High risk 160 13.5  58 10.9  46 14.0  18 6.1  10 4.6  45 17.4  27 21.2  22 10.3  19 9.3  142 17.6  
 Very high risk 36 3.0  1.3  16 4.8  0.3  0.4  25 9.7  1.6  1.4  3.4  24 3.0  

Miss., missing.

Data analysis

We consecutively performed both uni- and multivariable analyses using the full data set of the training cohort (UEP). Subsequently, we analyzed the external validation data sets to confirm the findings from the full-analysis data set. The study end point was time to first treatment (TTFT), defined as the time between presentation and start of first treatment of CLL because of progression to symptomatic disease according to the National Cancer Institute-Working Group/International Workshop on Chronic Lymphocytic Leukemia guidelines (patients without a documented event were censored at the date of last observation or death).3,4  Nineteen baseline biomarkers, assessed within 1 month from initial presentation, were initially considered as covariates for construction of the prognostic index. These covariates were clinical characteristics (age, sex, ≥1 palpable lymph node with a diameter ≥1 cm and palpable spleen by investigator’s physical examination),21  laboratory values (hemoglobin level, platelet count, absolute lymphocyte count, and β-2-microglobulin), cytogenetic abnormalities as assessed by fluorescence in situ hybridization [FISH; del(17p), del(11q), trisomy 12, del(13q)], and gene mutations (immunoglobulin heavy variable gene [IGHV], ATM, MYD88, NOTCH1, SF3B1, and TP53). FISH was performed for assessing the t(11;14) in those cases in which a diagnosis of mantle cell lymphoma could be considered; patients harboring such translocations were excluded from the study. Continuous variables were categorized by published thresholds (age, hemoglobin, platelet count, β-2-microglobulin, IGHV identity)18,22-25  or by identifying the best cutoff through recursive partitioning (absolute lymphocyte count; supplemental Figure 1, available on the Blood Web site). Blood cell count was assessed by local laboratories. β-2-microglobulin was assessed by local laboratories with the exception of the CLL1, CLL7, and SCAN cohorts for which the information was provided centrally. FISH cytogenetics were assessed locally, with the exception of the CLL1, CLL7, and O-CLL1 cohorts, for which the information was provided centrally and scored according to the laboratory cutoff. IGHV and TP53 mutations were assessed by Sanger sequencing locally, with the exception of CLL1, CLL7, and O-CLL1 cohorts, for which the information was provided centrally. Mutations of ATM, MYD88, NOTCH1, and SF3B1 were assessed in the training cohort by targeted deep next-generation sequencing, using an allele frequency of at least 10% for defining a positive result.26  For the validation data sets, only variables composing the final model were included in the analyses. In the training and validation cohorts, minimal missing data were documented among covariates used for development and validation of the prognostic score. Therefore, no missing data imputation procedures were used. All statistical tests were 2-sided. Statistical significance was defined as P < .05. The analysis was performed with the Statistical Package for the Social Sciences software v.22.0 (Chicago, IL) and with R statistical package v3.4.1 (www.r-project.org).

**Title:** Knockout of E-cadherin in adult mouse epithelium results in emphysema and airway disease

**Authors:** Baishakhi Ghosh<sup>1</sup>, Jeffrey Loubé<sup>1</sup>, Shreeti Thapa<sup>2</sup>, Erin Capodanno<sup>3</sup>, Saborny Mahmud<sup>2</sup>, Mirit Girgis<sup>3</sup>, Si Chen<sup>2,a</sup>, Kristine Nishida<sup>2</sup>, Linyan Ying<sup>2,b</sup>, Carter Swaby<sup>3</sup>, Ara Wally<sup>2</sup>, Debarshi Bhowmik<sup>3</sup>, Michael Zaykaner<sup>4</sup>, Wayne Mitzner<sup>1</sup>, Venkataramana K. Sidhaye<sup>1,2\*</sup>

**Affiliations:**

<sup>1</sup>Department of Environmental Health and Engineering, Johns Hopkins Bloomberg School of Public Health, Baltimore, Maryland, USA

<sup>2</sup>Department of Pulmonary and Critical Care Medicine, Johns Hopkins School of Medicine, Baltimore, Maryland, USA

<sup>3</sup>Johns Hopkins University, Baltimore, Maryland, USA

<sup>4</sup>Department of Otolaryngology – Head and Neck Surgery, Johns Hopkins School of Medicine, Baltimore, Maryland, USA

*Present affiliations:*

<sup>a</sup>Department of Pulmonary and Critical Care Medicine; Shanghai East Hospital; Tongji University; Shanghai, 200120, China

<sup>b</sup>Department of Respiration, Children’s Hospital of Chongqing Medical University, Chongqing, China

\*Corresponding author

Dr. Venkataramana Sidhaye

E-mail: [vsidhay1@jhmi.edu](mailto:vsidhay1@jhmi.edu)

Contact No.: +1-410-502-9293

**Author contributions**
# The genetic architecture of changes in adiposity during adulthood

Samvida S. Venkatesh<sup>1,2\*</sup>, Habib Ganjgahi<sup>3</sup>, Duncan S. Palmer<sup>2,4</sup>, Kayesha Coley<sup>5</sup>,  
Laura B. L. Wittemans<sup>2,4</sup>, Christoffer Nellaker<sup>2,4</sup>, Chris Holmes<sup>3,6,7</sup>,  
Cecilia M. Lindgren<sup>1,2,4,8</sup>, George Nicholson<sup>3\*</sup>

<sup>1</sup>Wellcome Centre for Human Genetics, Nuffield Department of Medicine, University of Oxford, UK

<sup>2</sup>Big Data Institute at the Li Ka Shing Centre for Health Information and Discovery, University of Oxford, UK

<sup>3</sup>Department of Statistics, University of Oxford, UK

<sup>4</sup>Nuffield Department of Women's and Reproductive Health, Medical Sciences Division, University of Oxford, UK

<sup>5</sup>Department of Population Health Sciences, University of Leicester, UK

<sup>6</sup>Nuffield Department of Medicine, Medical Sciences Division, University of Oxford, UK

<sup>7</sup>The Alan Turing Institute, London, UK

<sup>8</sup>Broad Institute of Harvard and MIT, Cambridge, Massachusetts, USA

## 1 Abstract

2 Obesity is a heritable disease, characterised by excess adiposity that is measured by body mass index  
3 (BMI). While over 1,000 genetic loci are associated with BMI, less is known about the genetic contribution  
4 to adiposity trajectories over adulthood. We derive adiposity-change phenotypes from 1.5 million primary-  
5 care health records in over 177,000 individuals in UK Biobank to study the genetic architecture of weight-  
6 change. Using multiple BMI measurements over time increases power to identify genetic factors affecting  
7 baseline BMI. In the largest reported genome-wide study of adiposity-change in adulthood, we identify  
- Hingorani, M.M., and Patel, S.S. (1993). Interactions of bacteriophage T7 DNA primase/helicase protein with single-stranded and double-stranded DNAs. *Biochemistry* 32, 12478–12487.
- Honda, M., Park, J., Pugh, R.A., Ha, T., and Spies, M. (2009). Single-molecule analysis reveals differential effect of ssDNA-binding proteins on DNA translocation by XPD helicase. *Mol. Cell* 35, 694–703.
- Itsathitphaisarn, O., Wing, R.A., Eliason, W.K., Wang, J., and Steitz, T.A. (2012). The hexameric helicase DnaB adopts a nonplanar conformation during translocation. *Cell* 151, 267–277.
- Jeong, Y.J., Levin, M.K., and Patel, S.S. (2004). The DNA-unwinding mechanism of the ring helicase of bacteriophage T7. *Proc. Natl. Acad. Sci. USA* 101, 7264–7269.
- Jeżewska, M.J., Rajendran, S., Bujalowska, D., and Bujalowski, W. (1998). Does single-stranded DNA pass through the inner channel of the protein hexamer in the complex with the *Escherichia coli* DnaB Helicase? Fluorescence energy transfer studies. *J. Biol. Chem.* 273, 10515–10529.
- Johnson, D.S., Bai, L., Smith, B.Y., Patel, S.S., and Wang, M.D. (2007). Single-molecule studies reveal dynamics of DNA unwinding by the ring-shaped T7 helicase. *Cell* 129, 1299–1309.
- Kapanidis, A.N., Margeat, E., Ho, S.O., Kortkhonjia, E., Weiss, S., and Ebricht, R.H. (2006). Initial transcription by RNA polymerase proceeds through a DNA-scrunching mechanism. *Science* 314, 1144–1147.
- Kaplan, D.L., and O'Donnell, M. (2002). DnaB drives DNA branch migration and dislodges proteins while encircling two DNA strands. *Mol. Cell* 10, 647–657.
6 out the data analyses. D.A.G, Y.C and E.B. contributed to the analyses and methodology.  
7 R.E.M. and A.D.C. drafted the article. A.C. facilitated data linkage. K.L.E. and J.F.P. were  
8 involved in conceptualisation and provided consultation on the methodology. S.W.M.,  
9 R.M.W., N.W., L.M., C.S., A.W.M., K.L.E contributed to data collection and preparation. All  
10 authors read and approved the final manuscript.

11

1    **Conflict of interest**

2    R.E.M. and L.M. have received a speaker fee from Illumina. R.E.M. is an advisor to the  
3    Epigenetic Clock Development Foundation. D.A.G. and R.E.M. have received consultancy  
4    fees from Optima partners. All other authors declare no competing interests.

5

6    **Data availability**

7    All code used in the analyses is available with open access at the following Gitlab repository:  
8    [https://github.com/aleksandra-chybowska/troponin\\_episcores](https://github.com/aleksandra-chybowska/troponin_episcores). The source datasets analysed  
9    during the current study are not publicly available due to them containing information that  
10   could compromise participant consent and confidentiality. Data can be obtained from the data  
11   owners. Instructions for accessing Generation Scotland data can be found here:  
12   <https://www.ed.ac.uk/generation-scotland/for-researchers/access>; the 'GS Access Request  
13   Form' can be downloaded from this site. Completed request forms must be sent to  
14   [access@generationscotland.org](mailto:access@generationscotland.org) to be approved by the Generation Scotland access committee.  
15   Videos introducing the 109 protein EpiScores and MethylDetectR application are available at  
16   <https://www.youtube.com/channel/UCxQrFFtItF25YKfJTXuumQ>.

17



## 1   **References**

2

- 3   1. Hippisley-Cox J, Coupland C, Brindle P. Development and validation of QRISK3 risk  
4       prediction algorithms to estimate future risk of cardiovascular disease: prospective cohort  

Development and validation of a score for TTFT prognostication